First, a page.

During the March 18 press conference, he admitted that “because of these actions, we know that many of our houses of worship at the same time are facing very real challenges, and we pledge to work with them to seek out creative ways to mitigate their pain and ensure their long-term health.”

On the very same day, Cardinal Joseph Tobin announced that “all public celebrations of daily and Sunday Mass will be suspended until further notice.”

Similarly, “all public celebrations of the Sacraments and other public forms of worship are also suspended until further notice. This includes, but is not limited to, previously scheduled Confirmations, celebrations of First Communion, penitential services, Communion services, and Liturgies of the Word.”

According to the website of the Archdiocese of Newark, the decision “was made out of deep concern for the well-being of the faithful and wider community, especially those most at risk of serious illness or death, and in cooperation with statewide mandates.”

Three days later, on March 21, Governor Murphy issued Executive Order 107, a stay-at-home order that explicitly listed religious motives as an acceptable reason for citizens to leave their houses. “All New Jersey residents shall remain home or at their place of residence unless they are … leaving the home for an educational, religious, or political reason,” the Governor wrote.

In any case, people were still required to “practice social distancing and stay six feet apart whenever practicable, excluding immediate family members, caretakers, household members, or romantic partners.”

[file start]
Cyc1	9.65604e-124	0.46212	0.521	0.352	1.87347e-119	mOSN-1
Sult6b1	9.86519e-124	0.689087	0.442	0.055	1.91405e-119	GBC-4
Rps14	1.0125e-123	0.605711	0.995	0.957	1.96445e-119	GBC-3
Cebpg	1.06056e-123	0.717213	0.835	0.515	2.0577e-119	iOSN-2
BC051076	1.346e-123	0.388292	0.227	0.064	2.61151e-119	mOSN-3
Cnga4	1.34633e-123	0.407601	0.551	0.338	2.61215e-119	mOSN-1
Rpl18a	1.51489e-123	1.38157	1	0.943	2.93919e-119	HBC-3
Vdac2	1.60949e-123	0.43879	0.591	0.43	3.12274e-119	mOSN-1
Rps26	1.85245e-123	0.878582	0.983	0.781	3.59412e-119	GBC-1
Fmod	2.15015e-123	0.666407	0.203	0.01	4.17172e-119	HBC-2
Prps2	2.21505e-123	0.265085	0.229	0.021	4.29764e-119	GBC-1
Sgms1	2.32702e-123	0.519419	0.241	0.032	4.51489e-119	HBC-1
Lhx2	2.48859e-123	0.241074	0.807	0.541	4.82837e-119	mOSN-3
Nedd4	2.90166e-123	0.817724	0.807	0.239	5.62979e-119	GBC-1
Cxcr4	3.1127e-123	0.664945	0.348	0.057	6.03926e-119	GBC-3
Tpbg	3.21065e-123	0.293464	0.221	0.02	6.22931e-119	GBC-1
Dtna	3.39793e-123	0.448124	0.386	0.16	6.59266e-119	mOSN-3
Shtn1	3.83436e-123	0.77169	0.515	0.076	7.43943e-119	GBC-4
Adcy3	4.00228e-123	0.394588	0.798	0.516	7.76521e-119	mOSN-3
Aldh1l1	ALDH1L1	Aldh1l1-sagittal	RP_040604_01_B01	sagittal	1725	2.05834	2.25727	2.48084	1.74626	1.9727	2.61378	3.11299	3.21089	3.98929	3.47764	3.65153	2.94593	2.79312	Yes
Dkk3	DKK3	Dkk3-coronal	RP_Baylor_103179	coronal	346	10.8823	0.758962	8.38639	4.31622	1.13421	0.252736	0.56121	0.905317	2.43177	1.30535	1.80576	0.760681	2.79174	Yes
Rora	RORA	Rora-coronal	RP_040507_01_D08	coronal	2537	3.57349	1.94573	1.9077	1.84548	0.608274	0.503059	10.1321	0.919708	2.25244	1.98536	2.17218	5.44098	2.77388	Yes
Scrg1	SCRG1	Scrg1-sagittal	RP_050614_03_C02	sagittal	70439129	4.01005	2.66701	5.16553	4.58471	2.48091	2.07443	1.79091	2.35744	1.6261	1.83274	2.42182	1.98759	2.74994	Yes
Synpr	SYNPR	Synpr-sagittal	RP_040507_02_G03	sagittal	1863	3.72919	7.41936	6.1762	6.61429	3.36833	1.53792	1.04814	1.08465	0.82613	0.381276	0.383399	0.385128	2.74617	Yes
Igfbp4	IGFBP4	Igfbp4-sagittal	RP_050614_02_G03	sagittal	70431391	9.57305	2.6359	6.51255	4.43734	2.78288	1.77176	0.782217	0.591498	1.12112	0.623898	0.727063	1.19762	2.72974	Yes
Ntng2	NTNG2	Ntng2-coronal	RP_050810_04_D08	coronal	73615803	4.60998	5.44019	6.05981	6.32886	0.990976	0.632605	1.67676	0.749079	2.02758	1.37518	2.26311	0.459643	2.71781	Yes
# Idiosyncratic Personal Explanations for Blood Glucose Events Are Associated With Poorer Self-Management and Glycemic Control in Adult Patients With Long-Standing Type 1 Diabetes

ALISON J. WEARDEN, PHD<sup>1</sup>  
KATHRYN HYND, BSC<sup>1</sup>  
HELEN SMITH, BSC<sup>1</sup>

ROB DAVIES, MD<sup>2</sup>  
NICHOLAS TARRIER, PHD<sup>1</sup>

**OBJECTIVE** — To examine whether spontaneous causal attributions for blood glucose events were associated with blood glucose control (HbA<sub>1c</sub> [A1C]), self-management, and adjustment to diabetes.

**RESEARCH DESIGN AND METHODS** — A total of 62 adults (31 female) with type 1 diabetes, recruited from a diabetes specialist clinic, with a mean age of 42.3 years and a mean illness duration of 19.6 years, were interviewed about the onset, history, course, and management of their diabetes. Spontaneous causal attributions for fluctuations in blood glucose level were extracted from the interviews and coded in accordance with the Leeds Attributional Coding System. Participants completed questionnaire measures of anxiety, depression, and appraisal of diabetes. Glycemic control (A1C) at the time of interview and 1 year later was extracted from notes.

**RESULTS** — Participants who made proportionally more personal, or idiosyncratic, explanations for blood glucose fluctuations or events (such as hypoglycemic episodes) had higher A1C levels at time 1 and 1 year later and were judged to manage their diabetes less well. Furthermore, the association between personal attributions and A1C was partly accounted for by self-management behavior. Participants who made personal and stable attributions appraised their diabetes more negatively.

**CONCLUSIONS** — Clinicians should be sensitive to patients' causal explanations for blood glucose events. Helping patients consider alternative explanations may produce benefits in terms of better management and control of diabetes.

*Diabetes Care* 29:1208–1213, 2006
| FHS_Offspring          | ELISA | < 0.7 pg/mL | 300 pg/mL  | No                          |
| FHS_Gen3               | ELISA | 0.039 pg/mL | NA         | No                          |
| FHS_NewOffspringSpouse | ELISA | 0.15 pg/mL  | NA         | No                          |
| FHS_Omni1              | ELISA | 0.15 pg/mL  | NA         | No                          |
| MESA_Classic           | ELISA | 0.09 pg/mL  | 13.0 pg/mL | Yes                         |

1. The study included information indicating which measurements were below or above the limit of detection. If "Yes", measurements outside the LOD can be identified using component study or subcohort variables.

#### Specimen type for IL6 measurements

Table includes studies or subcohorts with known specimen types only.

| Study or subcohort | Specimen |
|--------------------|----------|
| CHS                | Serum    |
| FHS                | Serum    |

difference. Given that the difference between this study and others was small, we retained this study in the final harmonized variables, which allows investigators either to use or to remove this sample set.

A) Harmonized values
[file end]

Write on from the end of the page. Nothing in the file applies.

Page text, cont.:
The arrest of 15 Jews at a synagogue in Lakewood, New Jersey, which was brought up by Carlson in the interview, apparently did not take place because it was a religious gathering. Instead, the Washington Post reported, police found “60 to 70 people gathered outside the synagogue,” which exceeded Murphy’s “50-person maximum.”

Newsweek summarized the religious exemptions in various states in an article published just before Easter. “New York, the state with the most COVID-19 cases in the nation by far, has not restricted religious gatherings, although the state ‘strongly recommended’ that in-person services not be held. The states with the second and third most cases, New Jersey and Michigan, also include religious exemptions in their stay-at-home orders.”

Tobin is considered one of the most progressive bishops in the United States. In 2018, he tweeted, “Nighty-night baby. I love you.” He later deleted the Tweet and claimed it was “meant as a private communication with one of my sisters.”

In 2017, the Archbishop personally welcomed homosexuals to the Cathedral Basilica of the Sacred Heart in Newark as part of a self-described “LGBT Pilgrimage.”

Murphy, who is pro-abortion and signed assisted suicide into law in New Jersey, said, “We’ve got too many lost souls, believe me. Every one of them is a precious life.”


  coronavirus, new jersey, phil murphy, tucker carlson